## Basel Problem

The Basel Problem is a well known result in analysis which basically states:

$$\frac{1}{1^2} + \frac{1}{2^2} + \frac{1}{3^2} + \frac{1}{4^2} + ... = \frac{\pi^2}{6}$$

There are various well-known ways to prove this.

I was wondering if there is a similar, simple way to calculate the value of the sum:

$$\frac{1}{1^2} - \frac{1}{2^2} + \frac{1}{3^2} - \frac{1}{4^2} + ... = ???$$

The value of this sum should work out to pi*pi/12, but I was wondering if there was a straightforward way to prove it?

 PhysOrg.com science news on PhysOrg.com >> Heat-related deaths in Manhattan projected to rise>> Dire outlook despite global warming 'pause': study>> Sea level influenced tropical climate during the last ice age
 Blog Entries: 8 Recognitions: Gold Member Science Advisor Staff Emeritus Depends on what you mean with straightforward. Do you think Fourier series is straightforward? That allows you to prove it.

Recognitions:
Homework Help
 Quote by psholtz The Basel Problem is a well known result in analysis which basically states: $$\frac{1}{1^2} + \frac{1}{2^2} + \frac{1}{3^2} + \frac{1}{4^2} + ... = \frac{\pi^2}{6}$$ There are various well-known ways to prove this. I was wondering if there is a similar, simple way to calculate the value of the sum: $$\frac{1}{1^2} - \frac{1}{2^2} + \frac{1}{3^2} - \frac{1}{4^2} + ... = ???$$ The value of this sum should work out to pi*pi/12, but I was wondering if there was a straightforward way to prove it?
Well, it may not be rigorous, but you could write

$$\begin{eqnarray*} \frac{1}{1^2} - \frac{1}{2^2} + \frac{1}{3^2} - \frac{1}{4^2} + ...& = & \left(\frac{1}{1^2} + \frac{1}{2^2} + \frac{1}{3^2} + \frac{1}{4^2} + \dots\right) - 2\left(\frac{1}{2^2} + \frac{1}{4^2} + \frac{1}{6^2} + \dots \right) \\ & = & \left(\frac{1}{1^2} + \frac{1}{2^2} + \frac{1}{3^2} + \frac{1}{4^2} + \dots\right) - \frac{2}{2^2}\left(\frac{1}{1^2} + \frac{1}{2^2} + \frac{1}{3^2} + \dots \right) \\ & = & \dots\end{eqnarray*}$$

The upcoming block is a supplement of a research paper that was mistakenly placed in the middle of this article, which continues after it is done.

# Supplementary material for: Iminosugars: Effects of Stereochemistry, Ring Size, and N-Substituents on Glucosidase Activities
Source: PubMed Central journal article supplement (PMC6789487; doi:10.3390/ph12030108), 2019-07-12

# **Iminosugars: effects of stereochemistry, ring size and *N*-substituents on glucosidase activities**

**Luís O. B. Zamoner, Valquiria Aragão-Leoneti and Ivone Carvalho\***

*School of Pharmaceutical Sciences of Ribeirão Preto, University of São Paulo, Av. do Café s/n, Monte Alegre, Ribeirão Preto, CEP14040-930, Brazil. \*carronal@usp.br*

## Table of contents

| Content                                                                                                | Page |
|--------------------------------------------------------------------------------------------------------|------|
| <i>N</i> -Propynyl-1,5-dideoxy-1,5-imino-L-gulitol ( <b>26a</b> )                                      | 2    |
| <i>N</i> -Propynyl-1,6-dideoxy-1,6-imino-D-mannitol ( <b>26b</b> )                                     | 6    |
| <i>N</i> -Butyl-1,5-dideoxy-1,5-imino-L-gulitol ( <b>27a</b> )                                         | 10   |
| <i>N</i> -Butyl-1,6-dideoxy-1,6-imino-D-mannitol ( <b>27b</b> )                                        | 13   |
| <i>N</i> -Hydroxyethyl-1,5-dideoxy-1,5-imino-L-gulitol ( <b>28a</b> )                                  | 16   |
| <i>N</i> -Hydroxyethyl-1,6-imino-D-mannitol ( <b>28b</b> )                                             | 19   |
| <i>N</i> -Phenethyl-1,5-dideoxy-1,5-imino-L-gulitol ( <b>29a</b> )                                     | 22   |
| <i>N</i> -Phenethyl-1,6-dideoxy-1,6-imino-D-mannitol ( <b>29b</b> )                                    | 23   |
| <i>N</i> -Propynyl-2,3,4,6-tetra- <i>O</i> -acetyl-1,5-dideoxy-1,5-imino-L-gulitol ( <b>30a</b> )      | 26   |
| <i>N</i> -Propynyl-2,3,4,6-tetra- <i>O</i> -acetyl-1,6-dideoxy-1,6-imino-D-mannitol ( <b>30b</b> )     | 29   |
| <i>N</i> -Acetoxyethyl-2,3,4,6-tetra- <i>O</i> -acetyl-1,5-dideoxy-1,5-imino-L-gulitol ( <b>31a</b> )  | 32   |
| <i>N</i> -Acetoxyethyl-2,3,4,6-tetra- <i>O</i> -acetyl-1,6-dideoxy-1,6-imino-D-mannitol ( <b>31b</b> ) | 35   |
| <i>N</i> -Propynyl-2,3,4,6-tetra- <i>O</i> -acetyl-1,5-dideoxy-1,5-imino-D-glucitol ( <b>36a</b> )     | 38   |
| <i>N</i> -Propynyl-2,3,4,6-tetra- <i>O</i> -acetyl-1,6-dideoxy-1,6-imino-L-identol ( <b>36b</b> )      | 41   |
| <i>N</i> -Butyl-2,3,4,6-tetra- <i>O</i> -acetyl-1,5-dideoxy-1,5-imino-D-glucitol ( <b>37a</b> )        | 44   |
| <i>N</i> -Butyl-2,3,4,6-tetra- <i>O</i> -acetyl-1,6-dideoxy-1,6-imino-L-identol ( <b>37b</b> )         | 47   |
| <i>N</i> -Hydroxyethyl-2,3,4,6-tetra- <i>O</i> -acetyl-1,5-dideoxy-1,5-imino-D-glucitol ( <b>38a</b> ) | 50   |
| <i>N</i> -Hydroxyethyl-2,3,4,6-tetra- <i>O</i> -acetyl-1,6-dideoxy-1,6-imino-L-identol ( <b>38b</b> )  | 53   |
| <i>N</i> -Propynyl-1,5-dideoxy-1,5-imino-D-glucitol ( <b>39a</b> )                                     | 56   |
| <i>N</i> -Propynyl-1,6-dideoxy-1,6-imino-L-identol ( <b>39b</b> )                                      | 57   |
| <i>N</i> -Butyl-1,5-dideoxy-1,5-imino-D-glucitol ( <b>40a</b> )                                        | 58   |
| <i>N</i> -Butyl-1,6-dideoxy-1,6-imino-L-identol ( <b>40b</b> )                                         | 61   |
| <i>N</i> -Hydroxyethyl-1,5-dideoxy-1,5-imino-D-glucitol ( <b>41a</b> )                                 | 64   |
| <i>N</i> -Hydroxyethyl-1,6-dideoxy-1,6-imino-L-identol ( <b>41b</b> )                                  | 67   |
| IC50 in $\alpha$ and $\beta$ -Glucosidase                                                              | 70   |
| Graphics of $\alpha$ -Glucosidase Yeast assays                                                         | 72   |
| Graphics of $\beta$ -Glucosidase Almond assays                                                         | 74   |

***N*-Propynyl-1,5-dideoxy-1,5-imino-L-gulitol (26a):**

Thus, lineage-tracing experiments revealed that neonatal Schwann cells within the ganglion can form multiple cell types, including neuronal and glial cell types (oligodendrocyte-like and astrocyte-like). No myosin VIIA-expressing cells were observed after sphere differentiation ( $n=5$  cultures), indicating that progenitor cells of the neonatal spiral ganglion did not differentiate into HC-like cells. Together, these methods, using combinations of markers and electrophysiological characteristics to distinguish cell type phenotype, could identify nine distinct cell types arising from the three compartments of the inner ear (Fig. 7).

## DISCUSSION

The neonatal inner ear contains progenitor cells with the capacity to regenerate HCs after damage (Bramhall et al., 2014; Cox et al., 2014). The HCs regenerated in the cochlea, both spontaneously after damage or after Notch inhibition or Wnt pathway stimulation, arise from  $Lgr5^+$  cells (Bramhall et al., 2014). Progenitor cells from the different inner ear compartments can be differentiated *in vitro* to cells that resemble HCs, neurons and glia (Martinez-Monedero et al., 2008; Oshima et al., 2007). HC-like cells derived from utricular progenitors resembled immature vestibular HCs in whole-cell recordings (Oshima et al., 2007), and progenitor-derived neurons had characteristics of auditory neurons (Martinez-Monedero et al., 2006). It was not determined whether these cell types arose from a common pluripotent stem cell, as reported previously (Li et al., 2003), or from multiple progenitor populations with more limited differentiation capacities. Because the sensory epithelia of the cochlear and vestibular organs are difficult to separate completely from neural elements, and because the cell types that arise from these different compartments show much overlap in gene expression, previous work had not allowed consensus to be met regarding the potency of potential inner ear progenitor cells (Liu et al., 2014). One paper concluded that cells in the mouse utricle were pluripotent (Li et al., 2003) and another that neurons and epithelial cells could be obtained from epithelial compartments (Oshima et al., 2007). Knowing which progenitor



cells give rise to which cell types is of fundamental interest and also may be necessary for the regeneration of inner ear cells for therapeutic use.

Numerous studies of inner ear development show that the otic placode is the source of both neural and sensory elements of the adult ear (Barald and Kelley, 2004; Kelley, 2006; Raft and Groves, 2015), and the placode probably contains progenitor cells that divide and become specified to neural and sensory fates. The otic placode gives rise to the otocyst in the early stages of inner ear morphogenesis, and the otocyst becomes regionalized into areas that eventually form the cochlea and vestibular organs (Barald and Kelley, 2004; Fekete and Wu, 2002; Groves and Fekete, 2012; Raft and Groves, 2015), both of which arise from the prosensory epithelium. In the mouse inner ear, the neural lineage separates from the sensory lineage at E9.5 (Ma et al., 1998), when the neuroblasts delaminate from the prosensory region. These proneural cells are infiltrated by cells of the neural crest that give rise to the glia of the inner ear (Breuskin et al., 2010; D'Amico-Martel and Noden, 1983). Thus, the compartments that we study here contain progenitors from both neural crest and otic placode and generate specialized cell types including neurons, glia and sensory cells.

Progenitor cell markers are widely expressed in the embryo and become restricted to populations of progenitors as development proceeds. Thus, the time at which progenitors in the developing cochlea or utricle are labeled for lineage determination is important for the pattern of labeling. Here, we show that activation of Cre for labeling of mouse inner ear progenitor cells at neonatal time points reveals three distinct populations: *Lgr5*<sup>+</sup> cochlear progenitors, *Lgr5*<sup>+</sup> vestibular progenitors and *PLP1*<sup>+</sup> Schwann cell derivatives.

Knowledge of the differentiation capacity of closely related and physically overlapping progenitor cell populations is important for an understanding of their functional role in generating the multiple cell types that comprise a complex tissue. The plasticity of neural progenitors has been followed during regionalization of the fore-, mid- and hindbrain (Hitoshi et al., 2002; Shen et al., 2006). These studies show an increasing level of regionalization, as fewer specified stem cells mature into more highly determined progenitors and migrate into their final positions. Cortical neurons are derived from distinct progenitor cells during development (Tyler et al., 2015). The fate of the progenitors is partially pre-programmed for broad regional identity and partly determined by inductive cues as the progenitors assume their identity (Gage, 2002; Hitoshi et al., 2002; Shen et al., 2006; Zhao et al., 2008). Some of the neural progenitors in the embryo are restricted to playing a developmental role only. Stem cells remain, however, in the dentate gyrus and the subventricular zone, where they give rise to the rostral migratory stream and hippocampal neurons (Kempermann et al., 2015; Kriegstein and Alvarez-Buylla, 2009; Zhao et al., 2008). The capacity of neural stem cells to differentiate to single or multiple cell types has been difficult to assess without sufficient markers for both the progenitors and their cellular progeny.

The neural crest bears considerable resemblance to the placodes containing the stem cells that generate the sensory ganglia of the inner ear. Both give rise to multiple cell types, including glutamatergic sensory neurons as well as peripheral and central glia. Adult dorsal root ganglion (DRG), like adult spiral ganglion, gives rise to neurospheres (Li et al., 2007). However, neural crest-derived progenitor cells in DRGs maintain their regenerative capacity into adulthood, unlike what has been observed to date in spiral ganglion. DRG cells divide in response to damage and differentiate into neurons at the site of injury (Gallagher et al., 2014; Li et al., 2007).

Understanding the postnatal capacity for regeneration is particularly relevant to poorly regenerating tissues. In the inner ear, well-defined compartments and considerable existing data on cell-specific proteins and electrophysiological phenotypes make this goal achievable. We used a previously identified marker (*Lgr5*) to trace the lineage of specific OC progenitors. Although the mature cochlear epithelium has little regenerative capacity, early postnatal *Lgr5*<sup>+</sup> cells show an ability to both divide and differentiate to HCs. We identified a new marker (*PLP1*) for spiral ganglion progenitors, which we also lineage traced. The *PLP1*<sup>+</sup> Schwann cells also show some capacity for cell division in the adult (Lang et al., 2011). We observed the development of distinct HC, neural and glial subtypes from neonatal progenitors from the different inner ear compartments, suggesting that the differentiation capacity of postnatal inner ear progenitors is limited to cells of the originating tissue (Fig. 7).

(You could make this rigourous by being careful with the convergence of the two series, I imagine).

## Basel Problem

Sure, a Fourier series would be straightforward.

I'm familiar w/ how Fourier analysis can be used to sum the first series, but it's not immediately clear to me how to proceed from that solution, to the sum for the second series.

Could you give me a pointer/hint?

 Quote by Mute Well, it may not be rigorous, but you could write $$\begin{eqnarray*} \frac{1}{1^2} - \frac{1}{2^2} + \frac{1}{3^2} - \frac{1}{4^2} + ...& = & \left(\frac{1}{1^2} + \frac{1}{2^2} + \frac{1}{3^2} + \frac{1}{4^2} + \dots\right) - 2\left(\frac{1}{2^2} + \frac{1}{4^2} + \frac{1}{6^2} + \dots \right) \\ & = & \left(\frac{1}{1^2} + \frac{1}{2^2} + \frac{1}{3^2} + \frac{1}{4^2} + \dots\right) - \frac{2}{2^2}\left(\frac{1}{1^2} + \frac{1}{2^2} + \frac{1}{3^2} + \dots \right) \\ & = & \dots\end{eqnarray*}$$ (You could this rigourous by being careful with the convergence of the two series, I imagine).
Yes, thanks...

This was something along the lines of the intuition I was going by, but didn't quite get it to this point.

Thanks..

Blog Entries: 8
Recognitions:
Gold Member
 Quote by Mute Well, it may not be rigorous, but you could write $$\begin{eqnarray*} \frac{1}{1^2} - \frac{1}{2^2} + \frac{1}{3^2} - \frac{1}{4^2} + ...& = & \left(\frac{1}{1^2} + \frac{1}{2^2} + \frac{1}{3^2} + \frac{1}{4^2} + \dots\right) - 2\left(\frac{1}{2^2} + \frac{1}{4^2} + \frac{1}{6^2} + \dots \right) \\ & = & \left(\frac{1}{1^2} + \frac{1}{2^2} + \frac{1}{3^2} + \frac{1}{4^2} + \dots\right) - \frac{2}{2^2}\left(\frac{1}{1^2} + \frac{1}{2^2} + \frac{1}{3^2} + \dots \right) \\ & = & \dots\end{eqnarray*}$$ (You could this rigourous by being careful with the convergence of the two series, I imagine).
My idea was to work with the Fourier series of $f(x)=x^2$